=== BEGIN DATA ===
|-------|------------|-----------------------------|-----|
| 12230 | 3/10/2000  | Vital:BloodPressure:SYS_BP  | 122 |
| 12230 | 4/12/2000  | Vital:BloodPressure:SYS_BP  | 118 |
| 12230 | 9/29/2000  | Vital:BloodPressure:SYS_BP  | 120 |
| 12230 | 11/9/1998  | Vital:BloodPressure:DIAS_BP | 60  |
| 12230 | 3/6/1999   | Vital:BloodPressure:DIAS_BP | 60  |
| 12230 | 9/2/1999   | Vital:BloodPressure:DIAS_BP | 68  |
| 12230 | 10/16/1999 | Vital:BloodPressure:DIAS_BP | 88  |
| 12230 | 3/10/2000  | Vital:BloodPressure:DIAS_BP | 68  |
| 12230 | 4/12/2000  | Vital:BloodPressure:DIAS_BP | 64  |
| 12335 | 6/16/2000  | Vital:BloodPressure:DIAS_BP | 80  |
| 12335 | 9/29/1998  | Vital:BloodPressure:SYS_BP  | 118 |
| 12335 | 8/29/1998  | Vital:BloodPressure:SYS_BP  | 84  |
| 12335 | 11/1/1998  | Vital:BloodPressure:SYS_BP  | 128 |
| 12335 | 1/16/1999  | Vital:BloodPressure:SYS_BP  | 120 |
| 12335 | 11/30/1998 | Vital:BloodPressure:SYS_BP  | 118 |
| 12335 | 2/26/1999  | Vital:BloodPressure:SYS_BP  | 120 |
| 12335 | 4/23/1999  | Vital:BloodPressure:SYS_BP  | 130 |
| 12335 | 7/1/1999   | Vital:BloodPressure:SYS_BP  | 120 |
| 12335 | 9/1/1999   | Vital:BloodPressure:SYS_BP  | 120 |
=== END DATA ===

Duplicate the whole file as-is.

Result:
|-------|------------|-----------------------------|-----|
| 12230 | 3/10/2000  | Vital:BloodPressure:SYS_BP  | 122 |
| 12230 | 4/12/2000  | Vital:BloodPressure:SYS_BP  | 118 |
| 12230 | 9/29/2000  | Vital:BloodPressure:SYS_BP  | 120 |
| 12230 | 11/9/1998  | Vital:BloodPressure:DIAS_BP | 60  |
| 12230 | 3/6/1999   | Vital:BloodPressure:DIAS_BP | 60  |
| 12230 | 9/2/1999   | Vital:BloodPressure:DIAS_BP | 68  |
| 12230 | 10/16/1999 | Vital:BloodPressure:DIAS_BP | 88  |
| 12230 | 3/10/2000  | Vital:BloodPressure:DIAS_BP | 68  |
| 12230 | 4/12/2000  | Vital:BloodPressure:DIAS_BP | 64  |
| 12335 | 6/16/2000  | Vital:BloodPressure:DIAS_BP | 80  |
| 12335 | 9/29/1998  | Vital:BloodPressure:SYS_BP  | 118 |
| 12335 | 8/29/1998  | Vital:BloodPressure:SYS_BP  | 84  |
| 12335 | 11/1/1998  | Vital:BloodPressure:SYS_BP  | 128 |
| 12335 | 1/16/1999  | Vital:BloodPressure:SYS_BP  | 120 |
| 12335 | 11/30/1998 | Vital:BloodPressure:SYS_BP  | 118 |
| 12335 | 2/26/1999  | Vital:BloodPressure:SYS_BP  | 120 |
| 12335 | 4/23/1999  | Vital:BloodPressure:SYS_BP  | 130 |
| 12335 | 7/1/1999   | Vital:BloodPressure:SYS_BP  | 120 |
| 12335 | 9/1/1999   | Vital:BloodPressure:SYS_BP  | 120 |